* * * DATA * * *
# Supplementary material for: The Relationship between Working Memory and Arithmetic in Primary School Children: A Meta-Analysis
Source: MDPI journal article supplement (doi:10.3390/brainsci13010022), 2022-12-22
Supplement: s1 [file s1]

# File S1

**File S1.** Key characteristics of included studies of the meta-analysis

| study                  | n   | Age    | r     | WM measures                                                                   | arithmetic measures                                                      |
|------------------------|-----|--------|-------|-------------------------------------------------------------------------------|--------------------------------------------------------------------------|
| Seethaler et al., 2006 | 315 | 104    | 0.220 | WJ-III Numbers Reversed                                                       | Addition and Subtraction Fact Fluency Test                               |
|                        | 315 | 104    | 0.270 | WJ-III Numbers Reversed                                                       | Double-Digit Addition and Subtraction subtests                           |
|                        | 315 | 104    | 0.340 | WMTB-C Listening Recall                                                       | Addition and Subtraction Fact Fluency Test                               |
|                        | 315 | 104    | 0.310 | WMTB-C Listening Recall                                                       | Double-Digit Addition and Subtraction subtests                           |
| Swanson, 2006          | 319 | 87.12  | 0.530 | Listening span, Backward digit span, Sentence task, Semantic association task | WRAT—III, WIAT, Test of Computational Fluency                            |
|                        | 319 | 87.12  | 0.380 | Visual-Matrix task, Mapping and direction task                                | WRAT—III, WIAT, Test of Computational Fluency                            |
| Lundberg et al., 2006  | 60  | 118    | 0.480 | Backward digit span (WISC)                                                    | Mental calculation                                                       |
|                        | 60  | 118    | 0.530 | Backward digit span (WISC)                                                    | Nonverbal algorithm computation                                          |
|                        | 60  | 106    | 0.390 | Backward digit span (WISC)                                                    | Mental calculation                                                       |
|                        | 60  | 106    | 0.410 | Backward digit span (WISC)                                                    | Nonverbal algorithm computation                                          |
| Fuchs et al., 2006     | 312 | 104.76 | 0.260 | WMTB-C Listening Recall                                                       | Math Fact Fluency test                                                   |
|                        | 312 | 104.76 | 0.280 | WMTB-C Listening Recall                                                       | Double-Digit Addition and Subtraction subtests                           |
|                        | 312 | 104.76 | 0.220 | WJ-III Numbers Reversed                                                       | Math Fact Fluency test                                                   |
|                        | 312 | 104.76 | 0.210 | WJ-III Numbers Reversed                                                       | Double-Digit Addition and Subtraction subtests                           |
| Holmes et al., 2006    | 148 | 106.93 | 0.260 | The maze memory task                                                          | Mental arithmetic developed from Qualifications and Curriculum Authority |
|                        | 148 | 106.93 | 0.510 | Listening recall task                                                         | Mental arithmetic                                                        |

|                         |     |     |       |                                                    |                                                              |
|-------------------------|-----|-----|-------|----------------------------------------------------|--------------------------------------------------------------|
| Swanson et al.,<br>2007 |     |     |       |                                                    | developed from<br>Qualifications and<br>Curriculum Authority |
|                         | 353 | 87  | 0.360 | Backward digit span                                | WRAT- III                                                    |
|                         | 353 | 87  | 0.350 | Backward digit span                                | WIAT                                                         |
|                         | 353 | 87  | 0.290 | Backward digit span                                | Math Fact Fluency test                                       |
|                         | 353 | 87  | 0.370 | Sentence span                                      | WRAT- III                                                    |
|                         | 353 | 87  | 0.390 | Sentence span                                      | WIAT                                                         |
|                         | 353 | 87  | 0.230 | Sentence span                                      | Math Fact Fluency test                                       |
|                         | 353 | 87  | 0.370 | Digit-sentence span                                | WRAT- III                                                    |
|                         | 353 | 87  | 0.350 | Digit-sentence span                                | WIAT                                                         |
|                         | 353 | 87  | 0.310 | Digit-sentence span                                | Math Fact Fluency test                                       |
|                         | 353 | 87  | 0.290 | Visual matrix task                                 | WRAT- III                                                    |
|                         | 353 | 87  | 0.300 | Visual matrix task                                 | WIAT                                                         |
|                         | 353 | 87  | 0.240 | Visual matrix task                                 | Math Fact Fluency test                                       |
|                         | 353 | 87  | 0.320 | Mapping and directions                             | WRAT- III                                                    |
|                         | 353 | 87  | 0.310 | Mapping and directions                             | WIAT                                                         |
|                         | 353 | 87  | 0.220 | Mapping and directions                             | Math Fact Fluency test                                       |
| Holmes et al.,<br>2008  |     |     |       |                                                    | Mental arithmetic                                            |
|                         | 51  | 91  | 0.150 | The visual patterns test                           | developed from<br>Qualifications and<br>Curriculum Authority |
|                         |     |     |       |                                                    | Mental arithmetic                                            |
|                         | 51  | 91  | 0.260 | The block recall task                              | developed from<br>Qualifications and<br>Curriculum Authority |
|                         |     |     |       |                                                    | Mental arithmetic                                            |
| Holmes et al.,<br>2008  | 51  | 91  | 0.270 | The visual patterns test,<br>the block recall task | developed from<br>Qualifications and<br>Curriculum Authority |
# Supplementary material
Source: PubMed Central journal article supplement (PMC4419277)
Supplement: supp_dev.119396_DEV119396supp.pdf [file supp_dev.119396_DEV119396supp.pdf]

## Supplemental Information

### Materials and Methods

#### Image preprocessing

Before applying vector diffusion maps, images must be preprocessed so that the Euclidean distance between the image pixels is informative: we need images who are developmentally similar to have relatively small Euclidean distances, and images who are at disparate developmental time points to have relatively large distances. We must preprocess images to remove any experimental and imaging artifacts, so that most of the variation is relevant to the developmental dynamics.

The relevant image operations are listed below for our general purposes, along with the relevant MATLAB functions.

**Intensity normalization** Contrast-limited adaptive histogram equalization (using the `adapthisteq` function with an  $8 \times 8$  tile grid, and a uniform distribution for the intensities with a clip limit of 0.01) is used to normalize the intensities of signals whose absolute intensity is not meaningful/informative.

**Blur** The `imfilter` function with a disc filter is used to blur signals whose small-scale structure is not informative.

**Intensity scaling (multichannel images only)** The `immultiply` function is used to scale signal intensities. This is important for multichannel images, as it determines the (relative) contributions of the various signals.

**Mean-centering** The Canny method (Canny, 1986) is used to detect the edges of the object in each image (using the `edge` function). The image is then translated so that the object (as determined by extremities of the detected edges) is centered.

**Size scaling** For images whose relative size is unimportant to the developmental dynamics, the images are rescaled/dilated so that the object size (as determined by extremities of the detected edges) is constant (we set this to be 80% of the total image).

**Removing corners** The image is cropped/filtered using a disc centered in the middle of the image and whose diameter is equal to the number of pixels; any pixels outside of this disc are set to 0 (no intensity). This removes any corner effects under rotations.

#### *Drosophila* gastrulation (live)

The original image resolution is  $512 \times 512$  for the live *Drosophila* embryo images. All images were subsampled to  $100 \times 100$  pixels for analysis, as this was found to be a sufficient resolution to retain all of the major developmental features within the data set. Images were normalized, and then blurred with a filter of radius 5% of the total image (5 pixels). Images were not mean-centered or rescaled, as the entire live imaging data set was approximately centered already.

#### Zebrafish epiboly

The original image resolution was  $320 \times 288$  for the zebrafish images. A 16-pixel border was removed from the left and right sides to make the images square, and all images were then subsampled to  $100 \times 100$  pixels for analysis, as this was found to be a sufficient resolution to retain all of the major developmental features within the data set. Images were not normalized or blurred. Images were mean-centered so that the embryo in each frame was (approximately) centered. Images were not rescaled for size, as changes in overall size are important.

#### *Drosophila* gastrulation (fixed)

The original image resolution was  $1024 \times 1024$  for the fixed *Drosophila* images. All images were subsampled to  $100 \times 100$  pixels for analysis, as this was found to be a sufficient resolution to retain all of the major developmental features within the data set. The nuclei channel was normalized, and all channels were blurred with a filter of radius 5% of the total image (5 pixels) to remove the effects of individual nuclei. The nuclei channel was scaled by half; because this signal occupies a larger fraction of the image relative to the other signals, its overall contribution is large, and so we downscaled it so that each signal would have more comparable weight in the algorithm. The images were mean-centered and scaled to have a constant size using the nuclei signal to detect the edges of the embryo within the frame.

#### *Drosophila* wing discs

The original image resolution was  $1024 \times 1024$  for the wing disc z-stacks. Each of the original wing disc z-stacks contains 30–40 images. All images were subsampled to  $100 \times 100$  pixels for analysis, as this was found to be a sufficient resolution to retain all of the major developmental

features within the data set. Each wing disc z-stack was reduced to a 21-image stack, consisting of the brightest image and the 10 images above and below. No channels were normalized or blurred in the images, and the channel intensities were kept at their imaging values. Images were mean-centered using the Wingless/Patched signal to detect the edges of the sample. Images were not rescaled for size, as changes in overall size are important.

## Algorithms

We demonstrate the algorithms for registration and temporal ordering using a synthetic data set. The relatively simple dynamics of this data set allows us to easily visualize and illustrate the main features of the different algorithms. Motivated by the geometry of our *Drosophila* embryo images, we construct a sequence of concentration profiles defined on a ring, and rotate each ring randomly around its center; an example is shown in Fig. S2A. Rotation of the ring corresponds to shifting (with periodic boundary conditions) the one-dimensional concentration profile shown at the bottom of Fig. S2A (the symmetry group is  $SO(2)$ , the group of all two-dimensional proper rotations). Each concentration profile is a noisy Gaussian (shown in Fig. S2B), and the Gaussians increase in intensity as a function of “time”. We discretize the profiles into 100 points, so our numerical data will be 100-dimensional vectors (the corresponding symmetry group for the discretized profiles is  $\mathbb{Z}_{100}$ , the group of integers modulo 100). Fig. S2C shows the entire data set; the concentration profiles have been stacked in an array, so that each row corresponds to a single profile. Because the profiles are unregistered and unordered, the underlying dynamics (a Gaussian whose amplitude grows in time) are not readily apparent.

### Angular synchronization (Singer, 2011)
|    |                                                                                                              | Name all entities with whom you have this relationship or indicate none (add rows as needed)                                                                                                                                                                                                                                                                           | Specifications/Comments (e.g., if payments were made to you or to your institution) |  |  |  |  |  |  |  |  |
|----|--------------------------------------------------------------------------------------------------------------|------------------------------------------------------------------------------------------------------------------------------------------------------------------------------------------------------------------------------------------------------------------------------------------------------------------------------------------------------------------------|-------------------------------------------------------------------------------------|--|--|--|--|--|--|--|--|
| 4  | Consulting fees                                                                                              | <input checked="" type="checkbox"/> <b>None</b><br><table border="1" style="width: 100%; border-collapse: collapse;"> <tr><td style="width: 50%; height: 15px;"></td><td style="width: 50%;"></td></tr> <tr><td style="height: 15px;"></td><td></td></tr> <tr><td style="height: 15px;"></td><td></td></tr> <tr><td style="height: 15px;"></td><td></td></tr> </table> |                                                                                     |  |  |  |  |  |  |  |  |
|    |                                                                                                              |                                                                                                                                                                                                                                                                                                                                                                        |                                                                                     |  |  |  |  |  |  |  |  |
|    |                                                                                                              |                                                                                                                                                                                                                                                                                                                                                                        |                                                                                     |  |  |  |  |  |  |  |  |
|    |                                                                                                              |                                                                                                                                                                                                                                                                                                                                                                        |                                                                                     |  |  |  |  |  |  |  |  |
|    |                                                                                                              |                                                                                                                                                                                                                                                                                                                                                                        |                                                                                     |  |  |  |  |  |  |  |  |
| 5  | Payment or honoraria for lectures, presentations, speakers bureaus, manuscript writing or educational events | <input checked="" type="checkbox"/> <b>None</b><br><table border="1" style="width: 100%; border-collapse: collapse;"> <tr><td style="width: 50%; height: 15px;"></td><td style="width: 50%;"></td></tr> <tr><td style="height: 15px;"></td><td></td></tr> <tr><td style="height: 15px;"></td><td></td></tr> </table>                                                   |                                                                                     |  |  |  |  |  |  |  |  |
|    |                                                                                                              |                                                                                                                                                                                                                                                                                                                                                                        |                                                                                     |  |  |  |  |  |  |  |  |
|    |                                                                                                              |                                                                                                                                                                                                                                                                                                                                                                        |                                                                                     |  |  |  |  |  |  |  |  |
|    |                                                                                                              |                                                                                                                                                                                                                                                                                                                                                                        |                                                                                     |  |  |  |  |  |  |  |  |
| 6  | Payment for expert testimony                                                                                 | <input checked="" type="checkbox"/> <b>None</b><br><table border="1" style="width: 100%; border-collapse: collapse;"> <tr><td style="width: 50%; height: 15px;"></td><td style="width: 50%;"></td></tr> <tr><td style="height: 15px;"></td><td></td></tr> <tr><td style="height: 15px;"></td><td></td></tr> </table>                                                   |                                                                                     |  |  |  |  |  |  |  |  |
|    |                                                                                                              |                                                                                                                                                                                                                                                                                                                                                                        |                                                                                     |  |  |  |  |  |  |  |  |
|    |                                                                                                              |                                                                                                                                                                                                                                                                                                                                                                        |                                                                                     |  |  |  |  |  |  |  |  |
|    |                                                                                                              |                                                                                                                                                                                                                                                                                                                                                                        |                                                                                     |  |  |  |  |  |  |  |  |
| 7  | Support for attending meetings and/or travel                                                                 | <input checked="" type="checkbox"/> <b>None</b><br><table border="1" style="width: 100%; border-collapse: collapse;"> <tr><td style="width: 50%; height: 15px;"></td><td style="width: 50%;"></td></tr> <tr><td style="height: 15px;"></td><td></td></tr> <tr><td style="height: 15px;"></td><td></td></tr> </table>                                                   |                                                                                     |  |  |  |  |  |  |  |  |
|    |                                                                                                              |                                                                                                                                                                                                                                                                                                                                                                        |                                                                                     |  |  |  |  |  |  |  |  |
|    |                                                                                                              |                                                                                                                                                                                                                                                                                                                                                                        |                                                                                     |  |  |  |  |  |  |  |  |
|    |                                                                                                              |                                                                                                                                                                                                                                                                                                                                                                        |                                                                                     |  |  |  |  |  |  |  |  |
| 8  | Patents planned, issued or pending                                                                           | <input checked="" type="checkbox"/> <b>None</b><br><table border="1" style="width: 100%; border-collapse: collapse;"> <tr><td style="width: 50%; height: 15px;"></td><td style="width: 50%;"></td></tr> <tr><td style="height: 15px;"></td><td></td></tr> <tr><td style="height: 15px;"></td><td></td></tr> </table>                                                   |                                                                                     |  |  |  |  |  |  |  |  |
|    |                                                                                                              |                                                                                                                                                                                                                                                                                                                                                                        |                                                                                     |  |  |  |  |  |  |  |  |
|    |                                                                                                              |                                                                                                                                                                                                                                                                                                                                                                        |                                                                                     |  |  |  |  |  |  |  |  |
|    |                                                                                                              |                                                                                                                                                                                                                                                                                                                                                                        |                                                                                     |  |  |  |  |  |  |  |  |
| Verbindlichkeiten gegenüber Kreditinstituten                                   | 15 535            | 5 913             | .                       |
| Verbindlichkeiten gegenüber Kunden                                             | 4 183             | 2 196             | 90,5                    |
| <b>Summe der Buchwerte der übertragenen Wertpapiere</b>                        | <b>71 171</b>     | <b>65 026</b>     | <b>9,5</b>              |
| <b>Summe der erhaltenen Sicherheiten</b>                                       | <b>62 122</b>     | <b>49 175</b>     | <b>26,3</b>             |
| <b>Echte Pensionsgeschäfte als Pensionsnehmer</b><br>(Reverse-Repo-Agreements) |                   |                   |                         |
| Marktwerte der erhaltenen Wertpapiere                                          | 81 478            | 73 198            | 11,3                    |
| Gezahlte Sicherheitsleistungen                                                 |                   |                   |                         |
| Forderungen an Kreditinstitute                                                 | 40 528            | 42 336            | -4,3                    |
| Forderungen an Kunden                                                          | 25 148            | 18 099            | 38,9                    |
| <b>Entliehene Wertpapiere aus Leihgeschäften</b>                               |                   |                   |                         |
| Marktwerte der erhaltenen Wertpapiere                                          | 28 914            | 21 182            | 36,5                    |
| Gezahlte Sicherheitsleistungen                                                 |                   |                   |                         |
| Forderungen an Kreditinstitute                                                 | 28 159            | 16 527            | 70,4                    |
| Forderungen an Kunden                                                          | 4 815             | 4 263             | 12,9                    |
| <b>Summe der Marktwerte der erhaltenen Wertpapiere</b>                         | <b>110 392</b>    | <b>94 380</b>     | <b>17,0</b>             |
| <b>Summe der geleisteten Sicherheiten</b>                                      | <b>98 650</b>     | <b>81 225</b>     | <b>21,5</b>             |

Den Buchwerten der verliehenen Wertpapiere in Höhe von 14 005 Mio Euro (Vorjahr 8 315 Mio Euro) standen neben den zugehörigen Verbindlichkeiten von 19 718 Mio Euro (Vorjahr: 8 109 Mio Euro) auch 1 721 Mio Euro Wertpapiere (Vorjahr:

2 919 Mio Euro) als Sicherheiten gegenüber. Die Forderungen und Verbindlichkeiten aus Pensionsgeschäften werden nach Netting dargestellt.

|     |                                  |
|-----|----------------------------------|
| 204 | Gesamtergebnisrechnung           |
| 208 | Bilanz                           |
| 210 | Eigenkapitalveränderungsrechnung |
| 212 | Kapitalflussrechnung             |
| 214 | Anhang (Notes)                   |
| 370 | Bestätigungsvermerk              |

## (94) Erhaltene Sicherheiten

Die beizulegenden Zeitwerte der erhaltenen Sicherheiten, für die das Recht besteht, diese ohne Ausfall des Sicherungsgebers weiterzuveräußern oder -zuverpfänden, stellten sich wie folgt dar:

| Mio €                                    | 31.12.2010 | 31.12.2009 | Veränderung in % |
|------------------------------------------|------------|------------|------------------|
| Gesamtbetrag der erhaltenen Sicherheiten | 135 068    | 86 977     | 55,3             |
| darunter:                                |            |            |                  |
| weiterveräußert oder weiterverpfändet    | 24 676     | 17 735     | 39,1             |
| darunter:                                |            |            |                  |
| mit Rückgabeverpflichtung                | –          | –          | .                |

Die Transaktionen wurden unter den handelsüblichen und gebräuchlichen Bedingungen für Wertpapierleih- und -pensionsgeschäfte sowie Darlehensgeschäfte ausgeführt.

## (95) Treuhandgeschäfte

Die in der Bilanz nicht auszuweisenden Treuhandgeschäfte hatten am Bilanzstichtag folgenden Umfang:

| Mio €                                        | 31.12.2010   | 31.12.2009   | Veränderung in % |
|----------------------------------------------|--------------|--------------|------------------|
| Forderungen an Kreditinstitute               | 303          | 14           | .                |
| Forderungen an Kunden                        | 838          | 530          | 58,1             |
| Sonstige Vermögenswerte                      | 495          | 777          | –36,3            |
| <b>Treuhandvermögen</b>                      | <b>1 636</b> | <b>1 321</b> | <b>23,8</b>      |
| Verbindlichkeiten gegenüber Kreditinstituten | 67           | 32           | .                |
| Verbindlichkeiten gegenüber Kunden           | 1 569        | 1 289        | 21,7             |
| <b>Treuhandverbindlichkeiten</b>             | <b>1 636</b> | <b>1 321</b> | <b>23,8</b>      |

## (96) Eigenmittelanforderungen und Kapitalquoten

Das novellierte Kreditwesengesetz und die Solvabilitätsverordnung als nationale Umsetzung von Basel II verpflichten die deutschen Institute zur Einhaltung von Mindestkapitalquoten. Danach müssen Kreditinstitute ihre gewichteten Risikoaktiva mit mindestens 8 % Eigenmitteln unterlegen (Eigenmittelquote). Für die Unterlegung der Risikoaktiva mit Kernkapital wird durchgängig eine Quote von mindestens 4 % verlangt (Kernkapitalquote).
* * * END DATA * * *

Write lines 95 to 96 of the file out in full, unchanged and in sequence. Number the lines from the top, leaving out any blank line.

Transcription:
|    |                                                                                                              |                                                                                                                                                                                                                                                                                                                                                                        |                                                                                     |  |  |  |  |  |  |  |  |
|    |                                                                                                              |                                                                                                                                                                                                                                                                                                                                                                        |                                                                                     |  |  |  |  |  |  |  |  |